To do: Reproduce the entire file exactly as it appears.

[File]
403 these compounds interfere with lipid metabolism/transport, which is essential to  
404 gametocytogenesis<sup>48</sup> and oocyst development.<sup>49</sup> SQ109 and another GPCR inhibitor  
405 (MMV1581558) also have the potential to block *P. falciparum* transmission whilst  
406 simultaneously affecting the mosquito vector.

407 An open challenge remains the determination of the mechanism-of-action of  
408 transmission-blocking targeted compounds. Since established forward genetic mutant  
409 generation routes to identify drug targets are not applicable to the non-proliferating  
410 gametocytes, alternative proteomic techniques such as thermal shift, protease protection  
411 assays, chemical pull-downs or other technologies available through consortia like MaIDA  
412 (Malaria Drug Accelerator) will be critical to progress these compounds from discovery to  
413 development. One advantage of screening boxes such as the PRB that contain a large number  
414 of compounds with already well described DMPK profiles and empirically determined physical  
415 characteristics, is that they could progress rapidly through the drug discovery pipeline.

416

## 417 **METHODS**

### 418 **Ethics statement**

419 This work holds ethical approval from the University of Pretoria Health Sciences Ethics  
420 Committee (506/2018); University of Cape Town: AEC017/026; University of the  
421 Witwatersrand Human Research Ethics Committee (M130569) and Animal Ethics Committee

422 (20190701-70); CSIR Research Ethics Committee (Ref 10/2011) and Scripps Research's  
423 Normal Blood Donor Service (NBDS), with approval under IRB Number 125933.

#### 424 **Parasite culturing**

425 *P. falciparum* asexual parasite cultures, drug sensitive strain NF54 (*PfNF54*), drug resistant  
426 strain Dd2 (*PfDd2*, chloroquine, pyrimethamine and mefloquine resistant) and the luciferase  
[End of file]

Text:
403 these compounds interfere with lipid metabolism/transport, which is essential to  
404 gametocytogenesis<sup>48</sup> and oocyst development.<sup>49</sup> SQ109 and another GPCR inhibitor  
405 (MMV1581558) also have the potential to block *P. falciparum* transmission whilst  
406 simultaneously affecting the mosquito vector.

407 An open challenge remains the determination of the mechanism-of-action of  
408 transmission-blocking targeted compounds. Since established forward genetic mutant  
409 generation routes to identify drug targets are not applicable to the non-proliferating  
410 gametocytes, alternative proteomic techniques such as thermal shift, protease protection  
411 assays, chemical pull-downs or other technologies available through consortia like MaIDA  
412 (Malaria Drug Accelerator) will be critical to progress these compounds from discovery to  
413 development. One advantage of screening boxes such as the PRB that contain a large number  
414 of compounds with already well described DMPK profiles and empirically determined physical  
415 characteristics, is that they could progress rapidly through the drug discovery pipeline.

416

## 417 **METHODS**

### 418 **Ethics statement**

419 This work holds ethical approval from the University of Pretoria Health Sciences Ethics  
420 Committee (506/2018); University of Cape Town: AEC017/026; University of the  
421 Witwatersrand Human Research Ethics Committee (M130569) and Animal Ethics Committee

422 (20190701-70); CSIR Research Ethics Committee (Ref 10/2011) and Scripps Research's  
423 Normal Blood Donor Service (NBDS), with approval under IRB Number 125933.

#### 424 **Parasite culturing**

425 *P. falciparum* asexual parasite cultures, drug sensitive strain NF54 (*PfNF54*), drug resistant  
426 strain Dd2 (*PfDd2*, chloroquine, pyrimethamine and mefloquine resistant) and the luciferase  